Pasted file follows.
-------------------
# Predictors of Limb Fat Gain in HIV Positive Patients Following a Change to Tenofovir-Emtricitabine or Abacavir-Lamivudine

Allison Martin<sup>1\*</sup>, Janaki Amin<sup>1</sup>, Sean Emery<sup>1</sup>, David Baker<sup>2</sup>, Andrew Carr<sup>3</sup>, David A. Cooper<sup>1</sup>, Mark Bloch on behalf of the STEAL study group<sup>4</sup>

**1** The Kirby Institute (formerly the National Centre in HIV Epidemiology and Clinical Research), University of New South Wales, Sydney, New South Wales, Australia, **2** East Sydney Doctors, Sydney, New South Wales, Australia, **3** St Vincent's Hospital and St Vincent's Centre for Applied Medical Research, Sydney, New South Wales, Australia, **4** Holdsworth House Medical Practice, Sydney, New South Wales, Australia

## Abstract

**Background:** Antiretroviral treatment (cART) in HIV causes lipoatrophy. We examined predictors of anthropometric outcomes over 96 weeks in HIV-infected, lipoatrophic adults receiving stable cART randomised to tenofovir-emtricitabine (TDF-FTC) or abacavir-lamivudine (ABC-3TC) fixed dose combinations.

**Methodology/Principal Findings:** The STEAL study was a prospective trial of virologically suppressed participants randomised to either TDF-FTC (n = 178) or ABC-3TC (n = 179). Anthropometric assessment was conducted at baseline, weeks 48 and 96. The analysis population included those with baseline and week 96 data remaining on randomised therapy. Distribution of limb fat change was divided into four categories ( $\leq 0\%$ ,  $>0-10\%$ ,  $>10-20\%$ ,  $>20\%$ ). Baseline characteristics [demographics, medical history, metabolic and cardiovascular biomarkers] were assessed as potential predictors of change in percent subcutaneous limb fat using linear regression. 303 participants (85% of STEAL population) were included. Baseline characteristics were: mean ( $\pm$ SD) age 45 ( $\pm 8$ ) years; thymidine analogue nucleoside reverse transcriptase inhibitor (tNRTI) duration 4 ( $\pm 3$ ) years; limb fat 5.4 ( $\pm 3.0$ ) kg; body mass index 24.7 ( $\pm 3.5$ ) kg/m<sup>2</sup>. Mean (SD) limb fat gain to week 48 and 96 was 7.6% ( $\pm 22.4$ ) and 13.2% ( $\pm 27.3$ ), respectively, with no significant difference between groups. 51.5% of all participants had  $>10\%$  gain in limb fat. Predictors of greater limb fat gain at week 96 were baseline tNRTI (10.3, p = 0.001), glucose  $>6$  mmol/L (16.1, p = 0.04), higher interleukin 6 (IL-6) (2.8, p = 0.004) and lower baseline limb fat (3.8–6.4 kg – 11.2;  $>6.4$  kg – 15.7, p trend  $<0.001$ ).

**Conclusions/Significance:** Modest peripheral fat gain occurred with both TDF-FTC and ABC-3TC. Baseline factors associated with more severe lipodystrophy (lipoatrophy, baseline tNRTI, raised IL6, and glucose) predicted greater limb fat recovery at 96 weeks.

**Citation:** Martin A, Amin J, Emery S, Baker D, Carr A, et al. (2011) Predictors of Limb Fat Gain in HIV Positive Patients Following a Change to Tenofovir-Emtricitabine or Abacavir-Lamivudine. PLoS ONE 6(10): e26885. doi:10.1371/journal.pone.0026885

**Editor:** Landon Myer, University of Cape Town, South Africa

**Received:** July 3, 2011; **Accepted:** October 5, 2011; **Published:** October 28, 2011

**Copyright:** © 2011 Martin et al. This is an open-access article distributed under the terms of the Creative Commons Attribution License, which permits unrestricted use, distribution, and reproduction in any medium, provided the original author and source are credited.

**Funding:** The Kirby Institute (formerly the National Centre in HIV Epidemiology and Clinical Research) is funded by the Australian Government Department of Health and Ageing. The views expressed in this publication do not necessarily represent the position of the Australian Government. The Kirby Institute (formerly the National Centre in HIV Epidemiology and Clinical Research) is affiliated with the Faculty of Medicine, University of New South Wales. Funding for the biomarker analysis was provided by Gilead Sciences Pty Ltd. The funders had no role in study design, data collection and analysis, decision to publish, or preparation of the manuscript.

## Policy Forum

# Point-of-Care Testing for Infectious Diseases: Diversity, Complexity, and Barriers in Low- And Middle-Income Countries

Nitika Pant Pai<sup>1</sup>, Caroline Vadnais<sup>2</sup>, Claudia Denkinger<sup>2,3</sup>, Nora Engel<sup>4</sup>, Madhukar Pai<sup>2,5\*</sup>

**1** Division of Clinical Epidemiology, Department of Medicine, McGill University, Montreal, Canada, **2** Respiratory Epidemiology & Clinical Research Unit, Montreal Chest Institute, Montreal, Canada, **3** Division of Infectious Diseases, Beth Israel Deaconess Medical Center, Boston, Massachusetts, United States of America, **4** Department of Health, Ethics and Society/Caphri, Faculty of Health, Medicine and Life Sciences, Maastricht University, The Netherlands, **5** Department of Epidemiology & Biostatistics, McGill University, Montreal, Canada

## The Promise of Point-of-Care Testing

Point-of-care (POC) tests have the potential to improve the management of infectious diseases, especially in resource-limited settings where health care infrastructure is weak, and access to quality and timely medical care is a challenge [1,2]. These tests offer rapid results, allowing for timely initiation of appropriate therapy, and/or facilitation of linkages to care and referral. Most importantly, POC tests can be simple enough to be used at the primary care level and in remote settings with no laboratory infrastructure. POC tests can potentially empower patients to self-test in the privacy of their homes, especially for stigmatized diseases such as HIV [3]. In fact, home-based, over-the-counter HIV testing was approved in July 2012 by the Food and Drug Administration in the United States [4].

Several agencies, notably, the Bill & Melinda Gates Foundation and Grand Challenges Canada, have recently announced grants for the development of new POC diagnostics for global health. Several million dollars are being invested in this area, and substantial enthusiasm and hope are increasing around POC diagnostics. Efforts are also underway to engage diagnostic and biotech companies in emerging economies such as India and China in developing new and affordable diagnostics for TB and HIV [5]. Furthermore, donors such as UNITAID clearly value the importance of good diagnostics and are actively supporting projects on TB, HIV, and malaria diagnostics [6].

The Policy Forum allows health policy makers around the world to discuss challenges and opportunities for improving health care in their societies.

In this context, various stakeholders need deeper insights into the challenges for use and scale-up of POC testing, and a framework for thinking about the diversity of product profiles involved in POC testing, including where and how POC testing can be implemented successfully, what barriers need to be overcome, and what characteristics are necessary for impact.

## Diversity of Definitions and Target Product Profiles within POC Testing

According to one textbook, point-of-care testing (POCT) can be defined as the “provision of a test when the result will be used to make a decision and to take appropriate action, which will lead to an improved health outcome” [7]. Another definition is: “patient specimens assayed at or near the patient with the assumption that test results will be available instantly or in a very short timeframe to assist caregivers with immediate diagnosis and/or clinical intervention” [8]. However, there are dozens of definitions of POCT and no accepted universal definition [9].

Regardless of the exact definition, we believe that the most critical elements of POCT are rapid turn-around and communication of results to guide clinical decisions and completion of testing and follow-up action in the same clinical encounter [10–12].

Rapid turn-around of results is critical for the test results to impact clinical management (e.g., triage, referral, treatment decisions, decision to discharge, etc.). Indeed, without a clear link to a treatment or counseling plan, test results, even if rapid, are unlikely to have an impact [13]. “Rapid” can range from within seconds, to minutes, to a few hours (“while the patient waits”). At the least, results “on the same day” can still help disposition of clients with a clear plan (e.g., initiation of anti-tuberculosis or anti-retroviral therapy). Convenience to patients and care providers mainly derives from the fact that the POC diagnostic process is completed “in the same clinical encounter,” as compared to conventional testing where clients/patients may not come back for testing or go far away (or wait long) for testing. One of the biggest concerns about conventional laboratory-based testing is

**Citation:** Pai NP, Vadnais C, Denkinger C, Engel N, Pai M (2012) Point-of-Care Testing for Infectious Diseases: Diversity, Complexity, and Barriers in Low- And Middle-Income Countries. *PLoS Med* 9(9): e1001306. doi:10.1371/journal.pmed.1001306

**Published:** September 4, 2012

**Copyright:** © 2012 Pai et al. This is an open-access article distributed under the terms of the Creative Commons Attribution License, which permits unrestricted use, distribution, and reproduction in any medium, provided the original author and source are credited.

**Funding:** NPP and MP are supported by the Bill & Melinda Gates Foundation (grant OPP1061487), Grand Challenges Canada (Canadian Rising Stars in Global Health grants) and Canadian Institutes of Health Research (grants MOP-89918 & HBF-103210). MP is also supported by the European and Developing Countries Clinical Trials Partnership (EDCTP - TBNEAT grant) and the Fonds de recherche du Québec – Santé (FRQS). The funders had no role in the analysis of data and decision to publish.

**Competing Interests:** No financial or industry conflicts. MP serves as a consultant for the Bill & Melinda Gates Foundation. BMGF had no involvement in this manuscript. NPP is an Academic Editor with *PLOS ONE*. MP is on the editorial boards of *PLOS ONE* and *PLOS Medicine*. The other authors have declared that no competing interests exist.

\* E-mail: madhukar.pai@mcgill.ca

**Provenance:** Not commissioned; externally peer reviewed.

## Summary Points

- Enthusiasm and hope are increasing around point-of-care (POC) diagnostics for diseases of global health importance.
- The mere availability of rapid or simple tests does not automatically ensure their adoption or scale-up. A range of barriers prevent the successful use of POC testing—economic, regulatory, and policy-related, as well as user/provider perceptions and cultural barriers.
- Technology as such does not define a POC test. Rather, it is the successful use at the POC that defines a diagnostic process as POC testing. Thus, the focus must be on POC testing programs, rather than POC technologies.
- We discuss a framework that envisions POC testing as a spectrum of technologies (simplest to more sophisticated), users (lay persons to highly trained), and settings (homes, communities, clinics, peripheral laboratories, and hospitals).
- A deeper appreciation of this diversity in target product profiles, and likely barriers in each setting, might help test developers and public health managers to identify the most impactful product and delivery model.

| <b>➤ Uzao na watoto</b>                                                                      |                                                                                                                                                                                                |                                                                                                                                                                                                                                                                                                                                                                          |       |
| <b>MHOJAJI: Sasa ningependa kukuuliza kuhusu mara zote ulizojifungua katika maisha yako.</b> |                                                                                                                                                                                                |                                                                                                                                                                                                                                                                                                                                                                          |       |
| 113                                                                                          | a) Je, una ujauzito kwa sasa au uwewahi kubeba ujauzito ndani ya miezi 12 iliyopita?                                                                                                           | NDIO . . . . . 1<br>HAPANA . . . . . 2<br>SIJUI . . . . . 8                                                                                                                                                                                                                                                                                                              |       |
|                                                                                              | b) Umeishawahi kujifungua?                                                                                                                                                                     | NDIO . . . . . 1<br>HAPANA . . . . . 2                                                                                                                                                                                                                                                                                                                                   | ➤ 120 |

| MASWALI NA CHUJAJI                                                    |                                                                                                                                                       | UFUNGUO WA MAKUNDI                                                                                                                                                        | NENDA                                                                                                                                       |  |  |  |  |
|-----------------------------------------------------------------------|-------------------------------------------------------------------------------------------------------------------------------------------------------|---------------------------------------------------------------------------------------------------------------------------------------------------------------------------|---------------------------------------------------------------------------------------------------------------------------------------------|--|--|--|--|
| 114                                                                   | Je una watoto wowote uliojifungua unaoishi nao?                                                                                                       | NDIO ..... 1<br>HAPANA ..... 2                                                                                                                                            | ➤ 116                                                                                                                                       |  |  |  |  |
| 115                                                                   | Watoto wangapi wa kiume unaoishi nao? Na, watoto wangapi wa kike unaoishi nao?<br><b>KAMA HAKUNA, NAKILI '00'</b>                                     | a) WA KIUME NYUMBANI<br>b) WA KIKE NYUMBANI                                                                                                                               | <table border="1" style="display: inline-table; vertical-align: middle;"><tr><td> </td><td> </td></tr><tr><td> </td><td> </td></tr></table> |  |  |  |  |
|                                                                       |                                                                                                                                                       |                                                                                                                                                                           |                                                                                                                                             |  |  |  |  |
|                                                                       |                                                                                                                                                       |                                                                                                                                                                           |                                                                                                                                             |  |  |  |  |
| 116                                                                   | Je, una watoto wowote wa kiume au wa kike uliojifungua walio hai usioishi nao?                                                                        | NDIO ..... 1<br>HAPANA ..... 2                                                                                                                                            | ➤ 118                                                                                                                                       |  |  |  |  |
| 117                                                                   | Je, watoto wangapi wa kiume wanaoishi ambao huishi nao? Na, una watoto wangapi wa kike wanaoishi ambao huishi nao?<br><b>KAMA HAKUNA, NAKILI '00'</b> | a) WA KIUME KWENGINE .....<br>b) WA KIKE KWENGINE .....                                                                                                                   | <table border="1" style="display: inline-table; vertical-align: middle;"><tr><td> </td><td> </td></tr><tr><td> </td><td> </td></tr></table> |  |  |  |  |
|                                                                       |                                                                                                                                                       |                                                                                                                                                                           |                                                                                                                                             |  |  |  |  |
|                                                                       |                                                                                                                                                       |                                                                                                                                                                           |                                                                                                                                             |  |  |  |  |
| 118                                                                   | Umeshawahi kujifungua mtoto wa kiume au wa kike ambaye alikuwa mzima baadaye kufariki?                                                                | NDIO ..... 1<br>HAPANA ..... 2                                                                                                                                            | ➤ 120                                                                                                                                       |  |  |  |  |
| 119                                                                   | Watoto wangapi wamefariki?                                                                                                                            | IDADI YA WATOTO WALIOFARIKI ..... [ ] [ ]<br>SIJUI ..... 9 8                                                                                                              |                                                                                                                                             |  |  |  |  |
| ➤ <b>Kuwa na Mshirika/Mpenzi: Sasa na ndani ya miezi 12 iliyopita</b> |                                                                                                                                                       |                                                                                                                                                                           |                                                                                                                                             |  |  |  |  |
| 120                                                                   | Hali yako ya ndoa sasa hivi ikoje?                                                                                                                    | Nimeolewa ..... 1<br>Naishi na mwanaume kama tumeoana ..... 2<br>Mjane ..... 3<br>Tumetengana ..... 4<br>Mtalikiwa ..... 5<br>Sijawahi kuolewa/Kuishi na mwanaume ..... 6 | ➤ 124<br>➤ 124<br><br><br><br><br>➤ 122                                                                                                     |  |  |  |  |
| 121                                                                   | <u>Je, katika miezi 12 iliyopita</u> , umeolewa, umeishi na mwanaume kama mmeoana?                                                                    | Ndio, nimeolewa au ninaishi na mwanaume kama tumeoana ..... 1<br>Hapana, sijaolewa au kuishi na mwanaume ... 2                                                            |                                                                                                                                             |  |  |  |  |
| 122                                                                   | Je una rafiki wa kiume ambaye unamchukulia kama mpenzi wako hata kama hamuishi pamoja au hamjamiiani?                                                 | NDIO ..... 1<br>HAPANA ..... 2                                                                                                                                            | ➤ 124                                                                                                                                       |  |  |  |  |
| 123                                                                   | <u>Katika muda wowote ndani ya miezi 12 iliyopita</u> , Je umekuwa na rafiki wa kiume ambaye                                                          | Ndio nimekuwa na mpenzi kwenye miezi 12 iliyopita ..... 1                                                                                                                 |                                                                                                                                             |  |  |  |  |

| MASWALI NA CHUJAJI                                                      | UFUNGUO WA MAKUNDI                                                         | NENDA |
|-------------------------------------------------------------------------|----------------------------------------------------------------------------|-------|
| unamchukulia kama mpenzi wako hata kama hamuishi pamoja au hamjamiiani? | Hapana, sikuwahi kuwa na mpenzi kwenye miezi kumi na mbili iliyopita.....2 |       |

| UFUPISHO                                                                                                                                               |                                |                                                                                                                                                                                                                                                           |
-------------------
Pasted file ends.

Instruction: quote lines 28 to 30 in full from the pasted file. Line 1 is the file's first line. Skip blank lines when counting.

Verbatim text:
**Copyright:** © 2012 Pai et al. This is an open-access article distributed under the terms of the Creative Commons Attribution License, which permits unrestricted use, distribution, and reproduction in any medium, provided the original author and source are credited.

**Funding:** NPP and MP are supported by the Bill & Melinda Gates Foundation (grant OPP1061487), Grand Challenges Canada (Canadian Rising Stars in Global Health grants) and Canadian Institutes of Health Research (grants MOP-89918 & HBF-103210). MP is also supported by the European and Developing Countries Clinical Trials Partnership (EDCTP - TBNEAT grant) and the Fonds de recherche du Québec – Santé (FRQS). The funders had no role in the analysis of data and decision to publish.

**Competing Interests:** No financial or industry conflicts. MP serves as a consultant for the Bill & Melinda Gates Foundation. BMGF had no involvement in this manuscript. NPP is an Academic Editor with *PLOS ONE*. MP is on the editorial boards of *PLOS ONE* and *PLOS Medicine*. The other authors have declared that no competing interests exist.